A home inspection isn’t automatically required whenever homeowners insurance is purchased, but since the real estate bubble burst, insurance carriers have more frequently been requiring them. They provide both the homeowner and the insurance carrier with a very accurate assessment of a home’s actual replacement cost. They also alert a house shopper, homeowner or insurer to existing problems that must be corrected quickly.
Homeowners insurance pays for losses caused by fire or other events specified in the policy. When a home is completely destroyed, homeowners insurance generally pays the replacement cost – that is, the cost to rebuild the house from scratch. Depending on the area, especially after the real estate bubble burst, this may be significantly different from the house’s market value. The older the house, the greater the likelihood that the insurance company will order an inspection prior to insuring the property.
Types of Home Inspection
Homebuyers are sometimes confused when a property they want to purchase passes a home inspection, but is then deemed uninsurable because of a home inspection ordered by the insurance company. This is because they’re two types of inspections. The first is oriented toward a home’s marketability and is often used when performing appraisals. While it specifically addresses issues of code compliance, it doesn’t address issues of insurability. For example, the first inspection may certify a house’s roof, while an insurance inspection may disqualify the same house because its roof is older than the insurance carrier’s underwriting maximum age allowed.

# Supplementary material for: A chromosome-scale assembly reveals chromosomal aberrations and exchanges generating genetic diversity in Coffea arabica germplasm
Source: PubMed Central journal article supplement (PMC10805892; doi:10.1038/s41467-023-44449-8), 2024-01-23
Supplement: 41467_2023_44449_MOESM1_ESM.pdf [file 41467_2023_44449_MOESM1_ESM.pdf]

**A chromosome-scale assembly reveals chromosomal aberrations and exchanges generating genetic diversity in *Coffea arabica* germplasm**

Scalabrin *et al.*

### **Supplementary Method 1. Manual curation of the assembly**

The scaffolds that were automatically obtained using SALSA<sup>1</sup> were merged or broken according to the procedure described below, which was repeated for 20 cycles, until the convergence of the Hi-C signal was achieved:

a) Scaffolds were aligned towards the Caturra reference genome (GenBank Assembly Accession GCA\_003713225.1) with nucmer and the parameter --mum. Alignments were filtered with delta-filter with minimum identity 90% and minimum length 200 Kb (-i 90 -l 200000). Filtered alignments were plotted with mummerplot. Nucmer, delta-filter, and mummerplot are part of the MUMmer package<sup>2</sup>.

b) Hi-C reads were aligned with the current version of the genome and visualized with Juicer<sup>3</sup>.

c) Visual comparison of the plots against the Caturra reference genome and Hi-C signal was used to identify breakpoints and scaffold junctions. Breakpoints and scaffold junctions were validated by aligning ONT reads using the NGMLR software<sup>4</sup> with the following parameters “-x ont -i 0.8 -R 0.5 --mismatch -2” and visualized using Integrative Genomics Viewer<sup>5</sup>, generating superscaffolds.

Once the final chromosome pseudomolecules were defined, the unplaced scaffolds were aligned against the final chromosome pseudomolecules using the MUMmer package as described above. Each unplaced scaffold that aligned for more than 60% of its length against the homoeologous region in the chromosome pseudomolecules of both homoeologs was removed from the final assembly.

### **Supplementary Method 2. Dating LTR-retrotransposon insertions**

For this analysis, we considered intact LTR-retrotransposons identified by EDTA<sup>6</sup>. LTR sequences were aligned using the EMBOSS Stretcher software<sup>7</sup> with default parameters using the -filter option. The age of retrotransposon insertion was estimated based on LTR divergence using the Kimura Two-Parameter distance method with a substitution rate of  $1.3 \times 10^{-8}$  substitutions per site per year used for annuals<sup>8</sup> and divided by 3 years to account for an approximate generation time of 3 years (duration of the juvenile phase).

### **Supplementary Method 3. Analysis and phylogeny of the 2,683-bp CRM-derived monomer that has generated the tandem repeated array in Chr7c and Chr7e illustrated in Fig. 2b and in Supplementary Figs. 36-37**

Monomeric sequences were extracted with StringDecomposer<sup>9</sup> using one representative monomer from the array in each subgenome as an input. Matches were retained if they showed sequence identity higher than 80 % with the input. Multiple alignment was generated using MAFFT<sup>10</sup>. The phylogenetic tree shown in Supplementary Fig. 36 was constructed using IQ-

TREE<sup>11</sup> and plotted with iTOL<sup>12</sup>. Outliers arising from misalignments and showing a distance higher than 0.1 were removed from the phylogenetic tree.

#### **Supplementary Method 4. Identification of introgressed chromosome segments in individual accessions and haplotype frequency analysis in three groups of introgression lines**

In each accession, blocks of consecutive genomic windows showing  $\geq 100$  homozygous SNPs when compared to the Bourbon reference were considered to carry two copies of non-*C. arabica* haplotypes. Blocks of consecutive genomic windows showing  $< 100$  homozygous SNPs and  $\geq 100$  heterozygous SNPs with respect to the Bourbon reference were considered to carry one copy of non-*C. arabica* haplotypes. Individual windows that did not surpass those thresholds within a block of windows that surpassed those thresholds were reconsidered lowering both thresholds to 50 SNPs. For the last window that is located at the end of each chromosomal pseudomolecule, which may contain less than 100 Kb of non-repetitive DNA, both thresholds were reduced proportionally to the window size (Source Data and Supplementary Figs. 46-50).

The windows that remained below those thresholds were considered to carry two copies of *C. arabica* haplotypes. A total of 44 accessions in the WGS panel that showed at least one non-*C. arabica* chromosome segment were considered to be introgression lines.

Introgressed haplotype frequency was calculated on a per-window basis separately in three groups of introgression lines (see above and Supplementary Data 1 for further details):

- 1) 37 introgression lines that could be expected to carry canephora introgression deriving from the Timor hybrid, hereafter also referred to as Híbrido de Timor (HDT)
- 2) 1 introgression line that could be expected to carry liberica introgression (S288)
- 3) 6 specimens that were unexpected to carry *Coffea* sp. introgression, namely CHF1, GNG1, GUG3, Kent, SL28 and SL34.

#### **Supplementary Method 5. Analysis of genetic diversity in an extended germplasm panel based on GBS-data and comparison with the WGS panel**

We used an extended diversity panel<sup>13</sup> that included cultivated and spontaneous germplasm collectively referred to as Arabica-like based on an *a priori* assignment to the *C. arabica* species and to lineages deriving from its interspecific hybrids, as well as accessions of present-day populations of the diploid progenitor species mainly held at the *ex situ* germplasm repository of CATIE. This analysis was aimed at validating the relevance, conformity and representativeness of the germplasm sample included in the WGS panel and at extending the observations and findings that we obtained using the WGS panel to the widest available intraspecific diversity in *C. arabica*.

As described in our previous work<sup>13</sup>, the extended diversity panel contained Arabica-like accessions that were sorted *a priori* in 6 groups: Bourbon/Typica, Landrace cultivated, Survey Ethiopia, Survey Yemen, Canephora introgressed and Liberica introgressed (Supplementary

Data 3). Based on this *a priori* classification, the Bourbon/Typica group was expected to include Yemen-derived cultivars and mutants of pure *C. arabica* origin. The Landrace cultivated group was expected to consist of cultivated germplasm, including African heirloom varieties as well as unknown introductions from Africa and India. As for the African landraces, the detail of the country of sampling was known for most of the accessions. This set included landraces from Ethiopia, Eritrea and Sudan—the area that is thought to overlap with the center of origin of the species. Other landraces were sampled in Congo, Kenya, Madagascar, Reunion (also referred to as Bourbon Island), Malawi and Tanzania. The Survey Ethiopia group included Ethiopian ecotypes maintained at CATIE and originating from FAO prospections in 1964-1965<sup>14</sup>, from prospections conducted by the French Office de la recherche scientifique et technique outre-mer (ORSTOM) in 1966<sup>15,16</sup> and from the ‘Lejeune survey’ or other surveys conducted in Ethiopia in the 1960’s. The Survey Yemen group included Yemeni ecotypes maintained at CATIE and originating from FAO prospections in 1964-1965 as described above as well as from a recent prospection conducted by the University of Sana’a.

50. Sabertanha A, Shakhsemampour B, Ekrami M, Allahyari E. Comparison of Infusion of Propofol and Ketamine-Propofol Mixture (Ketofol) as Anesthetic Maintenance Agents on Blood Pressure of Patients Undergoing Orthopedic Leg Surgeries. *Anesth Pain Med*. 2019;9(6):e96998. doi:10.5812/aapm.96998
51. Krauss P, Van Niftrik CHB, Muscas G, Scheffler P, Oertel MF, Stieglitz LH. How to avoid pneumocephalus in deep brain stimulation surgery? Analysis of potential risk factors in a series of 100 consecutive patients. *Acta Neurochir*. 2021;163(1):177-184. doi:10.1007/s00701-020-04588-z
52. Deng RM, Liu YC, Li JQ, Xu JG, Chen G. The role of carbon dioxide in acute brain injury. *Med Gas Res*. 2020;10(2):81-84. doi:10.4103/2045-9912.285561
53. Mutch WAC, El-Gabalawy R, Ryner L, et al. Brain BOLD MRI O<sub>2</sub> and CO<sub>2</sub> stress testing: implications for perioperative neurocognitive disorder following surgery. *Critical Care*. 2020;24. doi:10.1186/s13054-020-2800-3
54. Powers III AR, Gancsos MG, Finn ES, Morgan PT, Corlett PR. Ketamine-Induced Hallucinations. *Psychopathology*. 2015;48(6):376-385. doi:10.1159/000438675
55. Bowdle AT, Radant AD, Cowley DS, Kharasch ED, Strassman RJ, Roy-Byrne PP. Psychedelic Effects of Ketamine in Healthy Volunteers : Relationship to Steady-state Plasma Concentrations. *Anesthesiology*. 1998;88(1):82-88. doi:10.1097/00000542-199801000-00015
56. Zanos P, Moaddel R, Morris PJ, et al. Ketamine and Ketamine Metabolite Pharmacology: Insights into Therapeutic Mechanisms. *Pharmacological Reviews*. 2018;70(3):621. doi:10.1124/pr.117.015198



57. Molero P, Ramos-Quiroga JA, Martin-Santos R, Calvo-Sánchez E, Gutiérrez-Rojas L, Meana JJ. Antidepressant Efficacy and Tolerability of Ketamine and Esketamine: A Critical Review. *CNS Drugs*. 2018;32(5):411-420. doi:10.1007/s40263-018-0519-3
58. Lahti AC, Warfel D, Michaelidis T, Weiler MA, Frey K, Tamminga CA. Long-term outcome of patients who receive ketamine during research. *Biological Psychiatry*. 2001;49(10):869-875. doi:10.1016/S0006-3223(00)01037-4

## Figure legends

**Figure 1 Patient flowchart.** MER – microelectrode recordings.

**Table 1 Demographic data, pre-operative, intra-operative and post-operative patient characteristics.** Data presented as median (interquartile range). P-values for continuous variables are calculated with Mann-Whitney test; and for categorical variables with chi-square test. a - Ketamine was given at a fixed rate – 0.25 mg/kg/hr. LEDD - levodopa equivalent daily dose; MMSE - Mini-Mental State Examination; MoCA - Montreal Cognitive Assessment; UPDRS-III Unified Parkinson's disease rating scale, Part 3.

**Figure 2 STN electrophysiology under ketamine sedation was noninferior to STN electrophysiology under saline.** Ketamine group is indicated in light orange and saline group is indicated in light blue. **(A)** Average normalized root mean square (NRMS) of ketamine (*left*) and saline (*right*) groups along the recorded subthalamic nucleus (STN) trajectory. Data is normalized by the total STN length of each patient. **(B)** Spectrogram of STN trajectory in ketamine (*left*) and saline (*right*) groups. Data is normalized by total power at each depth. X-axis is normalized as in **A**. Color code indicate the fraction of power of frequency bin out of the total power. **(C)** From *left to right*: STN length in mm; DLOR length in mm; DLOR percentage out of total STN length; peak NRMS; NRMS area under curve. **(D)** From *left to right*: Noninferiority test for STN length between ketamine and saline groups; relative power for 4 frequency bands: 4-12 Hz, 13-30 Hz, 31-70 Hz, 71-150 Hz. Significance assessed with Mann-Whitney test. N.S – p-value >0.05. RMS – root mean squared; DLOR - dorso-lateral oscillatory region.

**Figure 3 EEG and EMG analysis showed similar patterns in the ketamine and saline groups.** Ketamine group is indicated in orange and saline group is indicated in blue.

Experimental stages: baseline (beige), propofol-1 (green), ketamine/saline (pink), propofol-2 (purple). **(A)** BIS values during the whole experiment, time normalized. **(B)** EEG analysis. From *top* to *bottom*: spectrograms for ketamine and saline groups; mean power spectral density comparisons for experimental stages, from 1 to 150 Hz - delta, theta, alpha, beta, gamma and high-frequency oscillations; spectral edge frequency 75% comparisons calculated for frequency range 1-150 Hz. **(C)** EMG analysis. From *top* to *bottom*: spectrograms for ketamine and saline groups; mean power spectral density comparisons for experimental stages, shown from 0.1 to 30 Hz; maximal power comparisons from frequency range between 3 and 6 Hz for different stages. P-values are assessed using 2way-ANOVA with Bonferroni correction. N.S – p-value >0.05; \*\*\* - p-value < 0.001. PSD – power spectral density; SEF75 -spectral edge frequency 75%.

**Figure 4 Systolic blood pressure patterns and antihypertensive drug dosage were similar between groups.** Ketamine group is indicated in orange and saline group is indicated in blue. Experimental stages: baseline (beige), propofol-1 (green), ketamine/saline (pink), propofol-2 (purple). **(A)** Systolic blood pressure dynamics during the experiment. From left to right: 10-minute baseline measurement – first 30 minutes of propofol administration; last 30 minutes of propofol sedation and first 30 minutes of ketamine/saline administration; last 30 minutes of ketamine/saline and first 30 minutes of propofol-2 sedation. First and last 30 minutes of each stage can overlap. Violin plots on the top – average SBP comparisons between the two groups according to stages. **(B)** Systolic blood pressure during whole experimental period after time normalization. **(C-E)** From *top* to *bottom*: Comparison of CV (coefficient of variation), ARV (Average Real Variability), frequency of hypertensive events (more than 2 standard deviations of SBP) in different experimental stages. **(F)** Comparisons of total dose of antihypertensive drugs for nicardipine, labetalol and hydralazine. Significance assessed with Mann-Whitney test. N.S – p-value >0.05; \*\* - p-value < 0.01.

In addition, homeowners insurance often provides liability coverage; that is, if someone is injured on the property, homeowners insurance may cover the costs. For example, if a pedestrian trips on an uneven sidewalk, the homeowners insurance may have to pay the pedestrian’s medical bills. An insurance home inspection would specifically look for such hazards, both outside and inside, as well as inspect for such routine things as electrical and plumbing code compliance, and an operational smoke detection system. In some cases, the insurance company will order only an exterior inspection, which includes the grounds and a visual examination of the house’s exterior.
As a general rule, routine maintenance not only keeps a home looking good, but it also protects it. Regular painting of the exterior, for example, helps seal the exterior shingles and trim, keeping out water and insects that could threaten the home’s structural integrity. Accumulation of debris in the yard, for example, could be considered a fire hazard. If there’s a swimming pool on the property, the fence surrounding the pool area must be in good condition. Simple maintenance issues such as these, if not routinely taken care of, can show up as adverse comments on an insurance inspection.
If an insurance inspection finds problems, the homeowner is notified as to the specific issues identified. This notice frequently also notes what steps should be taken to ameliorate the problems and the time frame within which they must be addressed or fixed. While it’s often a matter of routine maintenance, it should not be taken lightly, as failure to correct any deficiencies in an insurance inspection may lead to the policy’s cancellation.
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